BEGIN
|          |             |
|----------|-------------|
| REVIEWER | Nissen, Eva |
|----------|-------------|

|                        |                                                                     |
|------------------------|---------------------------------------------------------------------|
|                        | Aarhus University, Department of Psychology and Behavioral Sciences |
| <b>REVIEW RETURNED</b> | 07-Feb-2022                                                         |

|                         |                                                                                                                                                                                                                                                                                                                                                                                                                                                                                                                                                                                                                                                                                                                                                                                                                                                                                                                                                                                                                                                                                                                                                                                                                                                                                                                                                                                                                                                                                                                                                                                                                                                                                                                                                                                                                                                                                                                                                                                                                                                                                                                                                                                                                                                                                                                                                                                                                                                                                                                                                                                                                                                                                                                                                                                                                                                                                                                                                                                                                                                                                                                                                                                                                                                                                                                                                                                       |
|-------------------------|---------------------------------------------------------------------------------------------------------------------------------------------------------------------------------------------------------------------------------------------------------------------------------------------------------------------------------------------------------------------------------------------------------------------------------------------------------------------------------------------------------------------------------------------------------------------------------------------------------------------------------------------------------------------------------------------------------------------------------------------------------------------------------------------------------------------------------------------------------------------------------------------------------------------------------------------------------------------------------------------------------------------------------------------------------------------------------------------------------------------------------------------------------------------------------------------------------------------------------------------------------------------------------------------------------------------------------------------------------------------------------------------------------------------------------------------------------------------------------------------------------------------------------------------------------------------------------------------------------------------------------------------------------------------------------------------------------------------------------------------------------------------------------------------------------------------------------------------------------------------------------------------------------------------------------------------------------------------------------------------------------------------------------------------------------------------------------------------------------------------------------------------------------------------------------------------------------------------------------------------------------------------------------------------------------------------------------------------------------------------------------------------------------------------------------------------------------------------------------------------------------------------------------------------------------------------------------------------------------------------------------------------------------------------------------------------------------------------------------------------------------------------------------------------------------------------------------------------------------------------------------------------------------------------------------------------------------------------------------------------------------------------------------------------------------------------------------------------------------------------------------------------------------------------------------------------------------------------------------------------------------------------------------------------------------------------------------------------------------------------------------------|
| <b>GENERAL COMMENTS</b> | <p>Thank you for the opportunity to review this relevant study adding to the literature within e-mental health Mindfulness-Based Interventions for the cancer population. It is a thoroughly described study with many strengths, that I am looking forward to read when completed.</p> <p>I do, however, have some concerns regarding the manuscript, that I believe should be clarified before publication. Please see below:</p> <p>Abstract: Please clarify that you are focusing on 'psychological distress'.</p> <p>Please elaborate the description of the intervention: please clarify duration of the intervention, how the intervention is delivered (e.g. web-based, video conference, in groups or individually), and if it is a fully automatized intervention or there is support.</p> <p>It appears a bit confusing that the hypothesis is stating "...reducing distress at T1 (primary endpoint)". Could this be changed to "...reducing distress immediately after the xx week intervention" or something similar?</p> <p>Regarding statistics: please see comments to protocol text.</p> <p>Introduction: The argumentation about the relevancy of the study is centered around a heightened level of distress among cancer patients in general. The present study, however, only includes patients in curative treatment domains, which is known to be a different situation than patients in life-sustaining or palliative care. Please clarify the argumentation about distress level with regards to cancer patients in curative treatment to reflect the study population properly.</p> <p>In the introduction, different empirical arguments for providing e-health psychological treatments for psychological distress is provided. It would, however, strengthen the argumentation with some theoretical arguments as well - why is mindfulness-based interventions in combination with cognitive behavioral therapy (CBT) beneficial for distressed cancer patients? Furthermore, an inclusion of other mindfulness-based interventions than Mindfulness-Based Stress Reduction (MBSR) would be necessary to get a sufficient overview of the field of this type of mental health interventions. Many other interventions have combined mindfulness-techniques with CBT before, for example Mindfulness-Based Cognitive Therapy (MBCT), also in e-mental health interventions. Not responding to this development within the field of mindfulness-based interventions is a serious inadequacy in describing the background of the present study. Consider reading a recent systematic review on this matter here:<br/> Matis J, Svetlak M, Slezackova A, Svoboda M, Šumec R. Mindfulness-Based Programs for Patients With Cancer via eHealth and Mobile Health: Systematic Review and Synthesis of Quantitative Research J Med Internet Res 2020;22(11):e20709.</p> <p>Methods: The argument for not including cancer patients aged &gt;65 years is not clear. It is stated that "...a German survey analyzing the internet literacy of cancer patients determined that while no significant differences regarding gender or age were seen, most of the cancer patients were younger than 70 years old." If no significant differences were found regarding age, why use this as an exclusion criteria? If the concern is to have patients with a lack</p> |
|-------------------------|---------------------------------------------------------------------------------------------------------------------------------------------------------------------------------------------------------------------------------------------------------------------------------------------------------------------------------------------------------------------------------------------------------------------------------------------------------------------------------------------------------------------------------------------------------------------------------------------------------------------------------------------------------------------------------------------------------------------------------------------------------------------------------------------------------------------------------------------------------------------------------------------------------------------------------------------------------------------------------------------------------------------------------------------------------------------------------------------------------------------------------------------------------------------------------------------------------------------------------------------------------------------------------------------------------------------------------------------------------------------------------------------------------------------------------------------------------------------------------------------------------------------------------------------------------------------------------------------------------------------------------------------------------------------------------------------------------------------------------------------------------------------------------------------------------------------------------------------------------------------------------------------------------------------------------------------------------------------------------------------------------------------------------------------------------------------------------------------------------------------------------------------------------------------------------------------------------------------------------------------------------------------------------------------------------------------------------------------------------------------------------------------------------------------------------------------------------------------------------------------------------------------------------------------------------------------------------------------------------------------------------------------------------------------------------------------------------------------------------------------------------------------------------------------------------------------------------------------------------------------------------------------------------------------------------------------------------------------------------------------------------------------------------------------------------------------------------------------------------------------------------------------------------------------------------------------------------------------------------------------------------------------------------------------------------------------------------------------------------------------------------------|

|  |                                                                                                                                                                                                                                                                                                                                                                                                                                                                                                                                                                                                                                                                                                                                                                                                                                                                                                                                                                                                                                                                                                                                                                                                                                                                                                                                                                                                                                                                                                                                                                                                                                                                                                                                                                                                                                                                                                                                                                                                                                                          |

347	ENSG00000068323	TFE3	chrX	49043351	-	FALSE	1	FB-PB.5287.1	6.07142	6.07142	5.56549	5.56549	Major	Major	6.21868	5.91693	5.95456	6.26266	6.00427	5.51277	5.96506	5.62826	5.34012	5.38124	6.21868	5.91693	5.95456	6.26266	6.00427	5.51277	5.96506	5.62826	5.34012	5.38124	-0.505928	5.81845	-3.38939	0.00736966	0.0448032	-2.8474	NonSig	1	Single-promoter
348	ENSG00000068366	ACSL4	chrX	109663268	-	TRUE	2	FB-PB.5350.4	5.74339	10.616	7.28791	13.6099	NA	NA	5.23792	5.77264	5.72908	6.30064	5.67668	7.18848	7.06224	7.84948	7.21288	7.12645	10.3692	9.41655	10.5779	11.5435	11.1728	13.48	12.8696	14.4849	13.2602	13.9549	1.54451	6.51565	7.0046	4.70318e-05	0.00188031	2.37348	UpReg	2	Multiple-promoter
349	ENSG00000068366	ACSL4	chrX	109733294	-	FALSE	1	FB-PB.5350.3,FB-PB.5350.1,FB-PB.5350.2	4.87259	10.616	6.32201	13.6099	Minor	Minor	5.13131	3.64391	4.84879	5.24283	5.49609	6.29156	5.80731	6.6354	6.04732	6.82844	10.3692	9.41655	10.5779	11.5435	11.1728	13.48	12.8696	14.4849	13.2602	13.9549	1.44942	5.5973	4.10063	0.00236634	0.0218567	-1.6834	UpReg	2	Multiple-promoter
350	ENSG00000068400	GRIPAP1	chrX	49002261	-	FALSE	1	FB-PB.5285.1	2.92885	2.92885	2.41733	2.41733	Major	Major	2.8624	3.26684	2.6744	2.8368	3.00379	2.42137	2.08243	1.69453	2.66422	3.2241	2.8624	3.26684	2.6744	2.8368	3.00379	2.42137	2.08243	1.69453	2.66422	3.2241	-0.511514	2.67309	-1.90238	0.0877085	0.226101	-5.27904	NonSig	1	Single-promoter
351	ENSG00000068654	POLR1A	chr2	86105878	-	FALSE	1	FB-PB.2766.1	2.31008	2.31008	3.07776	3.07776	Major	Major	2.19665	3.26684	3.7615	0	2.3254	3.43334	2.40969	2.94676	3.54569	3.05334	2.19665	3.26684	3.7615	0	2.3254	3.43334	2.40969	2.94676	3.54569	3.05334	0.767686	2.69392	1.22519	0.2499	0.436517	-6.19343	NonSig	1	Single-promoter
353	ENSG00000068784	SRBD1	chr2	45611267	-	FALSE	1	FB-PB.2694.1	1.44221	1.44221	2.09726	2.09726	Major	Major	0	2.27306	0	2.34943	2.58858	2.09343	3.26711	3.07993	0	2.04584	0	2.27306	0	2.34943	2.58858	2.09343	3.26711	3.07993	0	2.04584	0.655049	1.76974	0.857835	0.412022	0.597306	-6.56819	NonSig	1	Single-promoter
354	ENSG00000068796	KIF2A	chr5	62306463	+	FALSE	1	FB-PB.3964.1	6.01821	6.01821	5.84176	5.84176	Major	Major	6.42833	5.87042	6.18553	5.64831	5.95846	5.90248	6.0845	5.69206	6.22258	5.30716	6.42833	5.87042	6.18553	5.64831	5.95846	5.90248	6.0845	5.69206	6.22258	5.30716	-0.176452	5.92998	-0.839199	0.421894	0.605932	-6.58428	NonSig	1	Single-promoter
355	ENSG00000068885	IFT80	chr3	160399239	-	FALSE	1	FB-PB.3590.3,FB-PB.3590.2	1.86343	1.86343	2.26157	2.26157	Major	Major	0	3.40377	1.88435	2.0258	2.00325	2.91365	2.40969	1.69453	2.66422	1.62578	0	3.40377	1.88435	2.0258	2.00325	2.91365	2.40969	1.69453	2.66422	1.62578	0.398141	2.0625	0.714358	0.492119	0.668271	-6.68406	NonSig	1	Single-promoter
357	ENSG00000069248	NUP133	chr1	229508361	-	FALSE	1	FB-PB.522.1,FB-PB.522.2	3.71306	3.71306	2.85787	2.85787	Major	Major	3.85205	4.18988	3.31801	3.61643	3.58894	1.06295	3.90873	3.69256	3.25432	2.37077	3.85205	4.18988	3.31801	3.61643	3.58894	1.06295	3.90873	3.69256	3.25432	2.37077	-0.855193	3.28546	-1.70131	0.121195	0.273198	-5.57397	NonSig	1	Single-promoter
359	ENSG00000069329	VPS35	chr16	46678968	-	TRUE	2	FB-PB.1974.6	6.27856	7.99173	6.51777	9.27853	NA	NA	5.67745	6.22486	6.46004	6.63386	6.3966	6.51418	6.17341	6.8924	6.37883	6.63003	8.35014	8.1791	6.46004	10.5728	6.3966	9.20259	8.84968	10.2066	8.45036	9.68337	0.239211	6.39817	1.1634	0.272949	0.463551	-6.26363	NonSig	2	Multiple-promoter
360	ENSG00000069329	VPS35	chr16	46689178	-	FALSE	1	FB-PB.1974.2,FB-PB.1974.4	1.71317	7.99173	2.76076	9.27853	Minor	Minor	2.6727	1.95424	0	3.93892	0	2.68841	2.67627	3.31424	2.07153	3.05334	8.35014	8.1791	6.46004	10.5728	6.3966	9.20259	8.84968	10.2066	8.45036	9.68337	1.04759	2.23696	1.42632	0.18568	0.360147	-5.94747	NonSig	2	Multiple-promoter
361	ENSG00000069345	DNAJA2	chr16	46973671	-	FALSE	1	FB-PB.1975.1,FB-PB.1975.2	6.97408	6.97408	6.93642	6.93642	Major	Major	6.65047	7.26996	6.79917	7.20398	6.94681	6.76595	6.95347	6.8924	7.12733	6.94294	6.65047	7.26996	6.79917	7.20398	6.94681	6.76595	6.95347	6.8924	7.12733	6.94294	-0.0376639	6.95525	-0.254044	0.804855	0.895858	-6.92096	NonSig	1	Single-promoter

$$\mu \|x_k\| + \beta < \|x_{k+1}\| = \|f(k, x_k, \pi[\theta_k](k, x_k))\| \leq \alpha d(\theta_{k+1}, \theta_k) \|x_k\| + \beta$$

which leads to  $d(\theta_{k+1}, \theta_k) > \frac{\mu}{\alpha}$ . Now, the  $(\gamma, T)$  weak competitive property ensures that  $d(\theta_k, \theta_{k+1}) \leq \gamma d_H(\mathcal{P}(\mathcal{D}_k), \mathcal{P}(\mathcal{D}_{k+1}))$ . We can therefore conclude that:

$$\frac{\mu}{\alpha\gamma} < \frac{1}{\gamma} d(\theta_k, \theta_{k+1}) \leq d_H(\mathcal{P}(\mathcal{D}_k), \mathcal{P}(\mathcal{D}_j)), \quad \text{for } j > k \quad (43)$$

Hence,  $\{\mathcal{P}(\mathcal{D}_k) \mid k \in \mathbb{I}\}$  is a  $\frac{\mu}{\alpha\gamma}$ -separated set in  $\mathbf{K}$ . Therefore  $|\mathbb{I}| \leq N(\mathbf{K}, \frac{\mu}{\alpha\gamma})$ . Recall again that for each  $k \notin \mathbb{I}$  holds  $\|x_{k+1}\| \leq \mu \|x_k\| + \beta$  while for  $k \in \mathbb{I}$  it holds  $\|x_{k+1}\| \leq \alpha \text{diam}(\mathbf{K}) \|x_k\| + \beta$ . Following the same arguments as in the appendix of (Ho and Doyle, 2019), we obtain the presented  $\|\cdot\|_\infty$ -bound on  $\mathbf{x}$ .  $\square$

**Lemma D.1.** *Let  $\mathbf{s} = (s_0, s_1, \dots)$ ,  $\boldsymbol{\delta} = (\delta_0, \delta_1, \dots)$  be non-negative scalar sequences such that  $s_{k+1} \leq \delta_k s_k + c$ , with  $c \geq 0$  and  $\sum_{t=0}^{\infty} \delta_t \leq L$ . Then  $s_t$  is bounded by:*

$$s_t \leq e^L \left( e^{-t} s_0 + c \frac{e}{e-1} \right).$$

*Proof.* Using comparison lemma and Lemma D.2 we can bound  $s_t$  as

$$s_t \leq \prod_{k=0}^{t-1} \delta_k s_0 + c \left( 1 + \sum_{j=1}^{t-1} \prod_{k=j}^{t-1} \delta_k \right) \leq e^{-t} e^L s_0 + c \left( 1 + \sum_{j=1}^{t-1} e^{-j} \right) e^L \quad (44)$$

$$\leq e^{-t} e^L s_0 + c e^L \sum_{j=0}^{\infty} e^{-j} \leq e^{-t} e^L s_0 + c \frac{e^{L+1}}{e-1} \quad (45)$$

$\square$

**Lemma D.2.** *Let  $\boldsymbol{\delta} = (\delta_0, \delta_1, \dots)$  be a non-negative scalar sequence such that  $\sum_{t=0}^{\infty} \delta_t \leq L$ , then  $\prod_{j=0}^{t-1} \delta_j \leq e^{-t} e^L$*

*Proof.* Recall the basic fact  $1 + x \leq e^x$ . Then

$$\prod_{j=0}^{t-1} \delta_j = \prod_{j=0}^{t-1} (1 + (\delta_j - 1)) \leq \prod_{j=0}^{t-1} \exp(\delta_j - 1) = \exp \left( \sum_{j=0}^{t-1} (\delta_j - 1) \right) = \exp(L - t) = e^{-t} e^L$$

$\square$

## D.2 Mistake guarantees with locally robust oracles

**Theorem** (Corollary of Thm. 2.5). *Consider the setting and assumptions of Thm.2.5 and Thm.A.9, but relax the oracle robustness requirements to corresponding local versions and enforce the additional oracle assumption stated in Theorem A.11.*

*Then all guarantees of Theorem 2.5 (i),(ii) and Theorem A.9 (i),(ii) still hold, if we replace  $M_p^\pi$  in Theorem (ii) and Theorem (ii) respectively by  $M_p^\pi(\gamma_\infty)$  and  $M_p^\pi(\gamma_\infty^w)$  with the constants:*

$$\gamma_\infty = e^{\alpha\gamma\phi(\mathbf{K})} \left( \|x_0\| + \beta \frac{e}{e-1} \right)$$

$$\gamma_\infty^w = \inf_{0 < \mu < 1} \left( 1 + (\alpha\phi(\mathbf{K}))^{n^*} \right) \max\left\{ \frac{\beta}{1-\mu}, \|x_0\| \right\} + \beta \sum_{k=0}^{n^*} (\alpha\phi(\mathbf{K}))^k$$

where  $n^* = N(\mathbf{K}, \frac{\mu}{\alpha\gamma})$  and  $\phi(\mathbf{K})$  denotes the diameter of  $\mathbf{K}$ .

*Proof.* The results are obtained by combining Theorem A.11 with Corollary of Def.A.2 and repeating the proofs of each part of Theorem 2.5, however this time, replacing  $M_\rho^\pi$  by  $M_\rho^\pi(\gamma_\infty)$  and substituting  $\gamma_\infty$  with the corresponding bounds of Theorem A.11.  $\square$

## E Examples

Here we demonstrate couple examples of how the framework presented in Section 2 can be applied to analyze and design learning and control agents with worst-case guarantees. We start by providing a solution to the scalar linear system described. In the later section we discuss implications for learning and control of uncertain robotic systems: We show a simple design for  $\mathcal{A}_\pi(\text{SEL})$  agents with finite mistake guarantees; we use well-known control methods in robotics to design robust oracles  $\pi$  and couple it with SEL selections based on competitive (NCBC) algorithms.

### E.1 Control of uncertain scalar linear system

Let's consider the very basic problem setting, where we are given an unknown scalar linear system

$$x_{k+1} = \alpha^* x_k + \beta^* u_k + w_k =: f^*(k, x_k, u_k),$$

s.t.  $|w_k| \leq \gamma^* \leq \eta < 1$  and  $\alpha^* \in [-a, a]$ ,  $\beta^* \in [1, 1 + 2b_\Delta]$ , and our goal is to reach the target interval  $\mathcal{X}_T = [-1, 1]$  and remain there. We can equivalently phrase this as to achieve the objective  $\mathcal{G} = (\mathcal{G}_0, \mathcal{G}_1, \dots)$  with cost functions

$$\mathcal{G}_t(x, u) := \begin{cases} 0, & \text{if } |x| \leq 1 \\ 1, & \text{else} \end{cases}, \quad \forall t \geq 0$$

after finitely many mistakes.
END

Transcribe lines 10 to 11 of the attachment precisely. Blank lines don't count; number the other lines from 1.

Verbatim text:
|-------------------------|---------------------------------------------------------------------------------------------------------------------------------------------------------------------------------------------------------------------------------------------------------------------------------------------------------------------------------------------------------------------------------------------------------------------------------------------------------------------------------------------------------------------------------------------------------------------------------------------------------------------------------------------------------------------------------------------------------------------------------------------------------------------------------------------------------------------------------------------------------------------------------------------------------------------------------------------------------------------------------------------------------------------------------------------------------------------------------------------------------------------------------------------------------------------------------------------------------------------------------------------------------------------------------------------------------------------------------------------------------------------------------------------------------------------------------------------------------------------------------------------------------------------------------------------------------------------------------------------------------------------------------------------------------------------------------------------------------------------------------------------------------------------------------------------------------------------------------------------------------------------------------------------------------------------------------------------------------------------------------------------------------------------------------------------------------------------------------------------------------------------------------------------------------------------------------------------------------------------------------------------------------------------------------------------------------------------------------------------------------------------------------------------------------------------------------------------------------------------------------------------------------------------------------------------------------------------------------------------------------------------------------------------------------------------------------------------------------------------------------------------------------------------------------------------------------------------------------------------------------------------------------------------------------------------------------------------------------------------------------------------------------------------------------------------------------------------------------------------------------------------------------------------------------------------------------------------------------------------------------------------------------------------------------------------------------------------------------------------------------------------------------------|
| <b>GENERAL COMMENTS</b> | <p>Thank you for the opportunity to review this relevant study adding to the literature within e-mental health Mindfulness-Based Interventions for the cancer population. It is a thoroughly described study with many strengths, that I am looking forward to read when completed.</p> <p>I do, however, have some concerns regarding the manuscript, that I believe should be clarified before publication. Please see below:</p> <p>Abstract: Please clarify that you are focusing on 'psychological distress'.</p> <p>Please elaborate the description of the intervention: please clarify duration of the intervention, how the intervention is delivered (e.g. web-based, video conference, in groups or individually), and if it is a fully automatized intervention or there is support.</p> <p>It appears a bit confusing that the hypothesis is stating "...reducing distress at T1 (primary endpoint)". Could this be changed to "...reducing distress immediately after the xx week intervention" or something similar?</p> <p>Regarding statistics: please see comments to protocol text.</p> <p>Introduction: The argumentation about the relevancy of the study is centered around a heightened level of distress among cancer patients in general. The present study, however, only includes patients in curative treatment domains, which is known to be a different situation than patients in life-sustaining or palliative care. Please clarify the argumentation about distress level with regards to cancer patients in curative treatment to reflect the study population properly.</p> <p>In the introduction, different empirical arguments for providing e-health psychological treatments for psychological distress is provided. It would, however, strengthen the argumentation with some theoretical arguments as well - why is mindfulness-based interventions in combination with cognitive behavioral therapy (CBT) beneficial for distressed cancer patients? Furthermore, an inclusion of other mindfulness-based interventions than Mindfulness-Based Stress Reduction (MBSR) would be necessary to get a sufficient overview of the field of this type of mental health interventions. Many other interventions have combined mindfulness-techniques with CBT before, for example Mindfulness-Based Cognitive Therapy (MBCT), also in e-mental health interventions. Not responding to this development within the field of mindfulness-based interventions is a serious inadequacy in describing the background of the present study. Consider reading a recent systematic review on this matter here:<br/> Matis J, Svetlak M, Slezackova A, Svoboda M, Šumec R. Mindfulness-Based Programs for Patients With Cancer via eHealth and Mobile Health: Systematic Review and Synthesis of Quantitative Research J Med Internet Res 2020;22(11):e20709.</p> <p>Methods: The argument for not including cancer patients aged &gt;65 years is not clear. It is stated that "...a German survey analyzing the internet literacy of cancer patients determined that while no significant differences regarding gender or age were seen, most of the cancer patients were younger than 70 years old." If no significant differences were found regarding age, why use this as an exclusion criteria? If the concern is to have patients with a lack</p> |